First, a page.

Although I am aware of one example where the dictionary definition lagged common usage for decades, apparently for political reasons, the dictionary makers usually do adhere to their philosophy of describing common usage, not prescribing usage or sticking to old usages long after they have changed in practice, and I reckon 99% of the population routinely refers to the mRNA vaccine as a vaccine.

      BTW, the Astra Zeneca vaccine is not mRNA; they opted for a traditional approach to vaccine development, if that makes anyone feel any better.

      • racoon#9.5meg says:

        “BTW, the Astra Zeneca vaccine is not mRNA; they opted for a traditional approach to vaccine development, if that makes anyone feel any better.”

        Adenovirus. Same as Sputnik V. “gene therapy” genetic modifier. Not “traditional” vaccine in any sense of the word.

        • Nehemiah says:

          Adenovirus infections are extremely common, and usually mild, and we have coexisted with them for a long time, probably thousands of years.

          For example:
          Who Gets Adenovirus Infections?

          Adenovirus infections can affect children of any age. But they’re more common in babies and young children. Most kids have had at least one adenovirus infection before age 10. There are many different types of adenoviruses, so people can have more than one adenovirus infection.

          Adenovirus infections can happen at any time of the year.
          What Are the Signs & Symptoms of Adenovirus Infections?

          The symptoms of adenoviral infections depend on the type of adenovirus and the part of the body affected. Respiratory symptoms are most common.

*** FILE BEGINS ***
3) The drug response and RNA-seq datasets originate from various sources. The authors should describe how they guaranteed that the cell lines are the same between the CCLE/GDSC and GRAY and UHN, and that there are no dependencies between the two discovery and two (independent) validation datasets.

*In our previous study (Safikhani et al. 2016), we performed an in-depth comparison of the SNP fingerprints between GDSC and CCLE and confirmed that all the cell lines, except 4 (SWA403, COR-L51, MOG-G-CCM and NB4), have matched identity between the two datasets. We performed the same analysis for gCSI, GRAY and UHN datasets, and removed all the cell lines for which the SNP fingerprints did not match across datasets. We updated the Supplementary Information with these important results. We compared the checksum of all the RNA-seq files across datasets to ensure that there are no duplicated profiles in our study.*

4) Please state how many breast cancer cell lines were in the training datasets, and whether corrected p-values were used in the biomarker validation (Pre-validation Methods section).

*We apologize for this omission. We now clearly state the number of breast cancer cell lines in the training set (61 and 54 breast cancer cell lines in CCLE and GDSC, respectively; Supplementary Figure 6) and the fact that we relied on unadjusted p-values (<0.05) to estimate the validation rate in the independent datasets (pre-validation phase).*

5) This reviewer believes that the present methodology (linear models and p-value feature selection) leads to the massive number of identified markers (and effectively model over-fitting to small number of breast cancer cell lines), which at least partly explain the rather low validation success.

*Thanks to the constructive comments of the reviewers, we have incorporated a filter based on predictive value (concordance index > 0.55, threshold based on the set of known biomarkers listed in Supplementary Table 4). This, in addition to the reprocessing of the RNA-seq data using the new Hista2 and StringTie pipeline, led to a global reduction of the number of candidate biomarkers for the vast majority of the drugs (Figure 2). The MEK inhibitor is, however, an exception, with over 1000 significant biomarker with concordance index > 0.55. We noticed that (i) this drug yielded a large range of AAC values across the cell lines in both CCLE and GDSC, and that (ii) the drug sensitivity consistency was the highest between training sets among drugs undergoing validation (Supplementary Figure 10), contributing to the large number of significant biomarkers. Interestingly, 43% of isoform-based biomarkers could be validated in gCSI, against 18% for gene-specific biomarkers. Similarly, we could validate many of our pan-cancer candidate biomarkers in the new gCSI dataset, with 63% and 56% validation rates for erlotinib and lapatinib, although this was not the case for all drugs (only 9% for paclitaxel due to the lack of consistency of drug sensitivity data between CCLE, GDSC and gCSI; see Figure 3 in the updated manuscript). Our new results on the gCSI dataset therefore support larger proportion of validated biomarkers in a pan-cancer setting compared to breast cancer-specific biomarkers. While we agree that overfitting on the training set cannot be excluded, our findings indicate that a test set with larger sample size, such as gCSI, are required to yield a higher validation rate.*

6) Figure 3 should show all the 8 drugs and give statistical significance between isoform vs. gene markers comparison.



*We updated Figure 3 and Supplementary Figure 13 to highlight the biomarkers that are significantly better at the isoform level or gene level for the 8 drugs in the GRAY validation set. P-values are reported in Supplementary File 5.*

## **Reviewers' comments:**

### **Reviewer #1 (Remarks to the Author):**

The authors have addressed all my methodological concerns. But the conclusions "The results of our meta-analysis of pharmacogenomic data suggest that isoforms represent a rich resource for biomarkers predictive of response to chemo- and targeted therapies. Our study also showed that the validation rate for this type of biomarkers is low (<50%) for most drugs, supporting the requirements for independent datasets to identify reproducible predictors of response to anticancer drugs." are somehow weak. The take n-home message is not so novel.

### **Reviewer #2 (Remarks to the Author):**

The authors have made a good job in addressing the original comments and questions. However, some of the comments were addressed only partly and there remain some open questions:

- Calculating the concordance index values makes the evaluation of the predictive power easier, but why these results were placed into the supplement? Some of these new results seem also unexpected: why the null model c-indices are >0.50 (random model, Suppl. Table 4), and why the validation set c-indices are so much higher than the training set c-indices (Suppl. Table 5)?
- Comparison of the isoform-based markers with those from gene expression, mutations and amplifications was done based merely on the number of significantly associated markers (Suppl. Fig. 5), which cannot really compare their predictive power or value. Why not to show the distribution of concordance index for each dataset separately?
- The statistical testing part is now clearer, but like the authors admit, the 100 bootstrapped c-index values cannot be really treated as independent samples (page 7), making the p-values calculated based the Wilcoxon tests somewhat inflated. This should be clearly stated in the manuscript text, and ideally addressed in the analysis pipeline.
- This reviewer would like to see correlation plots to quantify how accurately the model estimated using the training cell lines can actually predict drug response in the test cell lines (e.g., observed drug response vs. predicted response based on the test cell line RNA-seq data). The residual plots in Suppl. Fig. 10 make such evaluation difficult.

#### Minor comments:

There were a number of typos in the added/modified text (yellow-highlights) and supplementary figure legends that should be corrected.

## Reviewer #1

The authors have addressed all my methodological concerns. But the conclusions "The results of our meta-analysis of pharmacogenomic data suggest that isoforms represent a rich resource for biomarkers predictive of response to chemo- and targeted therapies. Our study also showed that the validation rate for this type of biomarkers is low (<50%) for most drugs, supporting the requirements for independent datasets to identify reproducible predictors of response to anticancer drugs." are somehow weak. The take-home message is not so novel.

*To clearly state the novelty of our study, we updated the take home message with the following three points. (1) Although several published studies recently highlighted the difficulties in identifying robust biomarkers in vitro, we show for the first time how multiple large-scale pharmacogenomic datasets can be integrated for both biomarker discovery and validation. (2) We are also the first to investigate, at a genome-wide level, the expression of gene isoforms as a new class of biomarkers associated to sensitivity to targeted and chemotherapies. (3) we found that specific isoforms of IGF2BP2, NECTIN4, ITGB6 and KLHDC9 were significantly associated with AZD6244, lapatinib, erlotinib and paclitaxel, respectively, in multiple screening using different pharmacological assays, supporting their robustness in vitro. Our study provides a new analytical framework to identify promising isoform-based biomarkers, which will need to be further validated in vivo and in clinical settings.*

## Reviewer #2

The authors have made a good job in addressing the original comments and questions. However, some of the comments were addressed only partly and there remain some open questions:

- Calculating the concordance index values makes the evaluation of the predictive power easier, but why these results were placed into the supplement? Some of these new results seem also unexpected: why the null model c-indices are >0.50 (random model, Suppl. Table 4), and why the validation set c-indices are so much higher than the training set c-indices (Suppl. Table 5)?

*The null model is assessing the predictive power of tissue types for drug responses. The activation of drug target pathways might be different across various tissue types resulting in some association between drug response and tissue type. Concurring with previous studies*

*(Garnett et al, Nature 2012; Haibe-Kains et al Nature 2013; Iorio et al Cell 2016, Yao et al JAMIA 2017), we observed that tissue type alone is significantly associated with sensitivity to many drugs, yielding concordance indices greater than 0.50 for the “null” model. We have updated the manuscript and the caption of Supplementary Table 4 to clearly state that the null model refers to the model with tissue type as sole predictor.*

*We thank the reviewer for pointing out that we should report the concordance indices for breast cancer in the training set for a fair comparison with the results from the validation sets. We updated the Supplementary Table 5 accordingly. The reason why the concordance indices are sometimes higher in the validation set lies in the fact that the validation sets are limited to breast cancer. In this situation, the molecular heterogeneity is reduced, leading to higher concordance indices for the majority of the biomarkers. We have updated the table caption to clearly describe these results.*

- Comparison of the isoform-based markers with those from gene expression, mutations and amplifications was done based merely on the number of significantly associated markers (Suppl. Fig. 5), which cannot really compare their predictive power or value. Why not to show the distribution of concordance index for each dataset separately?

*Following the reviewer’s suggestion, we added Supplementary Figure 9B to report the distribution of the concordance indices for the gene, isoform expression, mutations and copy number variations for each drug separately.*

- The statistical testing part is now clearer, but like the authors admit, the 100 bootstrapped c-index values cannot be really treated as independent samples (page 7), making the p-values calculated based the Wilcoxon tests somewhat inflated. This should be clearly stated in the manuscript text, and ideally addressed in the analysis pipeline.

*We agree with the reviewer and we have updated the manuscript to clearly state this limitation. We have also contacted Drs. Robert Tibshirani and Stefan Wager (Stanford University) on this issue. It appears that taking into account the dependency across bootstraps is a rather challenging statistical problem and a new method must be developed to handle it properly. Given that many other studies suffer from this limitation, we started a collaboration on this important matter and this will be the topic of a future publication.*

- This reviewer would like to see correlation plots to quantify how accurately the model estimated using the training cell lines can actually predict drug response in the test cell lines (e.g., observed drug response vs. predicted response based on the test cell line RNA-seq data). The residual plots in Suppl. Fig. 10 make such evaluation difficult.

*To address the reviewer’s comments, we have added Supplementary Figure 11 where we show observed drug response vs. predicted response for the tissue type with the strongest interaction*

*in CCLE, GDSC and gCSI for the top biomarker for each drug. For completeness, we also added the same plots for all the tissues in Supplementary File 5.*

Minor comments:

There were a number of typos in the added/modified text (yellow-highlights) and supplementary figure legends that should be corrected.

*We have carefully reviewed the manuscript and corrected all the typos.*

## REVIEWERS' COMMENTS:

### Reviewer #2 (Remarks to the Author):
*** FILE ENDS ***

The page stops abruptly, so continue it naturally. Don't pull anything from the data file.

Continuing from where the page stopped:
Upper respiratory infections can range from mild cold symptoms to flu-like symptoms. These include:

          sore throat (pharyngitis)
          a congested, runny nose (rhinitis)
          a cough
          ear infection

          Adenoviruses can also cause lower respiratory infections such as bronchiolitis, croup, or pneumonia.

  33. Covid 19 coronavirus: Prime Minister Jacinda Ardern reveals enough Pfizer vaccines for every New Zealander

    Ardern said she has called 2021 the “year of the vaccine” and said the Government was making good progress on this.

    The Government will share an updated vaccine rollout plan on Wednesday.

    She said vaccines will be an important part of New Zealand’s defence against the “tricky” Covid-19 virus.

    “It’s not going to slow our timetable at all,” she said when asked if the Pfizer strategy would slow the rollout down.

    Ardern said the Government had been able to take a step back and look at what vaccines had worked well around the world – that had helped influence the Pfizer purchase decision.